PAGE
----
The work on the railway and the quarry opened in the cutting near Foss Cross caused farmers to have difficulty in obtaining agricultural labourers in 1902 and 1903 as men could earn 20/- per week on the works and 13/- was considered high wages on the land.
The girls of the village mostly go away to service but very few make any attempt to rise higher than general servants in lower middle class houses and they change their situations very frequently.
The new education act came into effect on March 31. In the early part of 1903 a prominent dissenter died and his family asked that he should be buried with Methodist service. I attended the funeral but the body was borne straight to the grave side: hymns were sung and various pastors gave addresses and offered prayer. The family thanked me for my presence.
The behaviour of young men in church was very irreverent and the habit of lounging in the porch before service apparently ineradicable.
The parish council for some six or more years had had a monopoly of the parish meeting and had re-elected themselves from time to time as necessary. In 1903 Lord Eldon put a hydraulic ram into the water fall opposite the Vicarage gate to supply his new cow houses above the church. The parish council questioned his right to do so and claimed the triangular portion of land between the upper road, the hill down past the Vicarage gate and the path up to the church as being under their administration. The result was that Lord Eldon built up the old pound and cut down a row of fine elm trees which stood along the upper road by way of showing that the land was his own. In 1904 a number of inhabitants who had previously taken no interest in the matter attended the parish meeting and ejected the parish council.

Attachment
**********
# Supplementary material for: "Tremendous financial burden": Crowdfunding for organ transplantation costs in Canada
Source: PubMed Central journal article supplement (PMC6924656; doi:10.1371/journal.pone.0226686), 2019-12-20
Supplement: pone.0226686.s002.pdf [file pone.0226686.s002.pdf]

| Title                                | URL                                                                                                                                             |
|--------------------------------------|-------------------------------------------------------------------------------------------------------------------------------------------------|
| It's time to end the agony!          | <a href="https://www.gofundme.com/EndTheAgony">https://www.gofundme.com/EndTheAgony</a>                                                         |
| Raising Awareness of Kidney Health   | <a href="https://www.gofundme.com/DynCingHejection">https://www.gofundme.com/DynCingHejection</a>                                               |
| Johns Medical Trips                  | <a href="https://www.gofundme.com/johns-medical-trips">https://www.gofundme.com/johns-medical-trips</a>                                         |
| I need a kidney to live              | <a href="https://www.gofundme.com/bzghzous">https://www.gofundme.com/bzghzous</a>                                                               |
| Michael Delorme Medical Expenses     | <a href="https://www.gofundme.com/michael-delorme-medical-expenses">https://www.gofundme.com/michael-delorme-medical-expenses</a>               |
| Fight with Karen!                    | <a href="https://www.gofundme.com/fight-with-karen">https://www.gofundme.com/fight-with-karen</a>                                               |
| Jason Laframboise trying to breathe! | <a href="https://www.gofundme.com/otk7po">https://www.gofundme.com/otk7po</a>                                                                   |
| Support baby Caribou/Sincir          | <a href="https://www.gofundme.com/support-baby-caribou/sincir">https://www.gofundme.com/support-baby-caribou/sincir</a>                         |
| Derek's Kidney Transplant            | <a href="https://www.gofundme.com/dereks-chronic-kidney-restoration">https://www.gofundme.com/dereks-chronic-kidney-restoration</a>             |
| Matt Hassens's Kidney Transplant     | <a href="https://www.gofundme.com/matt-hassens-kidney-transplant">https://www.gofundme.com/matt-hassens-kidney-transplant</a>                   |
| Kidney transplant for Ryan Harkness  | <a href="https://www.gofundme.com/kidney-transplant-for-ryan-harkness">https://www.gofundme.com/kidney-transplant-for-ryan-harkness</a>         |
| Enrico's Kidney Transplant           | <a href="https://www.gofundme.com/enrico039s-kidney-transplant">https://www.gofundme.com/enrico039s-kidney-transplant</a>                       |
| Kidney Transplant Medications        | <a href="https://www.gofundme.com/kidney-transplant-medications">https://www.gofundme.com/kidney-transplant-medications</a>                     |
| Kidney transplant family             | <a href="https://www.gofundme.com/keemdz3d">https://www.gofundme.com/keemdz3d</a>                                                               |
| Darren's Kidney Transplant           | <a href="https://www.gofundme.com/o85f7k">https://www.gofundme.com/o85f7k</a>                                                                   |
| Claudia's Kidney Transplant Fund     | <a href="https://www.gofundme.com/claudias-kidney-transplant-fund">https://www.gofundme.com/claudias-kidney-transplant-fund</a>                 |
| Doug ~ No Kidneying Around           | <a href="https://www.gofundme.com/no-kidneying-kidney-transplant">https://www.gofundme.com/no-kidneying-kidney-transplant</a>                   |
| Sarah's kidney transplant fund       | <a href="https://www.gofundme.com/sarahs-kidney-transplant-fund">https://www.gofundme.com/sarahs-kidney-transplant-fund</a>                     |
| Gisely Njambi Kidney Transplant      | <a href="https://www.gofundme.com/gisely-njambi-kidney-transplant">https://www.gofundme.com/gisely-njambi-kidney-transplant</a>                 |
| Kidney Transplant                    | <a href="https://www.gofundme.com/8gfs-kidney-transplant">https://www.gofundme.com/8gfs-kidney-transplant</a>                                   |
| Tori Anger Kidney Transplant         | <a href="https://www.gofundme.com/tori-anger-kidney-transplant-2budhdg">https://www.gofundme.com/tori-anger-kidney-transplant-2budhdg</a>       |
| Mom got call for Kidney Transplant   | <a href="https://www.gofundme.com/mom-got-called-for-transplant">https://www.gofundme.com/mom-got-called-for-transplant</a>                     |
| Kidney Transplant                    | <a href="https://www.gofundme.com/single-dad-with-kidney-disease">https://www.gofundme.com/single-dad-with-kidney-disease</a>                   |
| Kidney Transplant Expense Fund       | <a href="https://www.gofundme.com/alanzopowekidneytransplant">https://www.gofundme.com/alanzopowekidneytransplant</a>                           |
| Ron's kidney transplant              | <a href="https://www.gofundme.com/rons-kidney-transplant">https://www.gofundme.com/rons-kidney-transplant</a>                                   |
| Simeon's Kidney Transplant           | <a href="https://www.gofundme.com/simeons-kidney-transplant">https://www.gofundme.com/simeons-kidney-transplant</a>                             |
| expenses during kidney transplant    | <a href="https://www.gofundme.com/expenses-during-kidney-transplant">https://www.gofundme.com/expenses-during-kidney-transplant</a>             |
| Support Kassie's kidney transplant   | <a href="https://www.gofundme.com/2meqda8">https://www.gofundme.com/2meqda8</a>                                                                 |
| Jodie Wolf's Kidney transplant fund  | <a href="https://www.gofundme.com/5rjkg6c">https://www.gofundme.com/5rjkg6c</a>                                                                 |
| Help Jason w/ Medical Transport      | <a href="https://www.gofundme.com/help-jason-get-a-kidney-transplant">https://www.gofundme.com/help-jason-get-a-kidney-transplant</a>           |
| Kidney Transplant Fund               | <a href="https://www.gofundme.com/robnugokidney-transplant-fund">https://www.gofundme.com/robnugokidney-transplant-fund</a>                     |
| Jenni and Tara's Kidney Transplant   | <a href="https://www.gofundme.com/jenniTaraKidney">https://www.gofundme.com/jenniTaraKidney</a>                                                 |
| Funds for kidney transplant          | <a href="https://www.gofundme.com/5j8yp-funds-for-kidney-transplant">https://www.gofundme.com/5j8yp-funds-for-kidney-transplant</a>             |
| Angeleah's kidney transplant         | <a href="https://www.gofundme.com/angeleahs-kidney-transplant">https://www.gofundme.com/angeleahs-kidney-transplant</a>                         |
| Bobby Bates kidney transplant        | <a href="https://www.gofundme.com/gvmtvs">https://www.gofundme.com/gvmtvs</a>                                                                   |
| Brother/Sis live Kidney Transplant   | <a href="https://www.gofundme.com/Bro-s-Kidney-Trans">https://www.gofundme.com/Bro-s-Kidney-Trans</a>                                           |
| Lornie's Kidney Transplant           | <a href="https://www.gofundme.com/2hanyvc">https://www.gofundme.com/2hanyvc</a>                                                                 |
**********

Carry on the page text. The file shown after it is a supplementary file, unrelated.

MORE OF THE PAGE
Mr. John Peachey who had been church warden since 1852 continuously died in March 1904 at the age of 83. In the preceding January an old man J Gaze, a native of Norwich, who was born in the Waterloo year died.
The number of the congregation was increasing. During the summer of this year there were frequently 100 present in the morning and 150 in the evening.
A large amount of feeling was developed in the parish on the subject of the dismissal of the Schoolmaster by the new Education Committee. The causes of their directing Managers to take this step are set out in their Minute Book. But the dispute was unnecessarily protracted lasting from November 1903 to May 1905. During a portion of this time the master attended church and read a book during the sermon. Some of the sympathisers gave up coming to church altogether.
The village Benefit Club, formed on rules originally set out by Rev. A. Gibson found it impossible to carry on business their base not being broad enough to withstand the drawing on the part of old members. It was wound up in 1904-05. A Conservative Working Men Club in the same degree took its place, but the expected access of Conservative voters was not realised at the Election of 1906. Mr. Bathurst being rejected by a majority of over 500. There were no disturbances or even quarrels in Chedworth during the election

The Rev Hewitson died in February 1908 and was succeeded in May by the Rev George Edward Mackie MA of Queen’s College Oxford.

In 1910 the Church Bells were found to be in a dangerous condition – by the generosity of Lord Eldon who gave £150 for the purpose the Bells were quarter turned and entirely rehung (all at the same level) during the summer by Messrs Bond of Burford.

Courtesy of Mike Tovey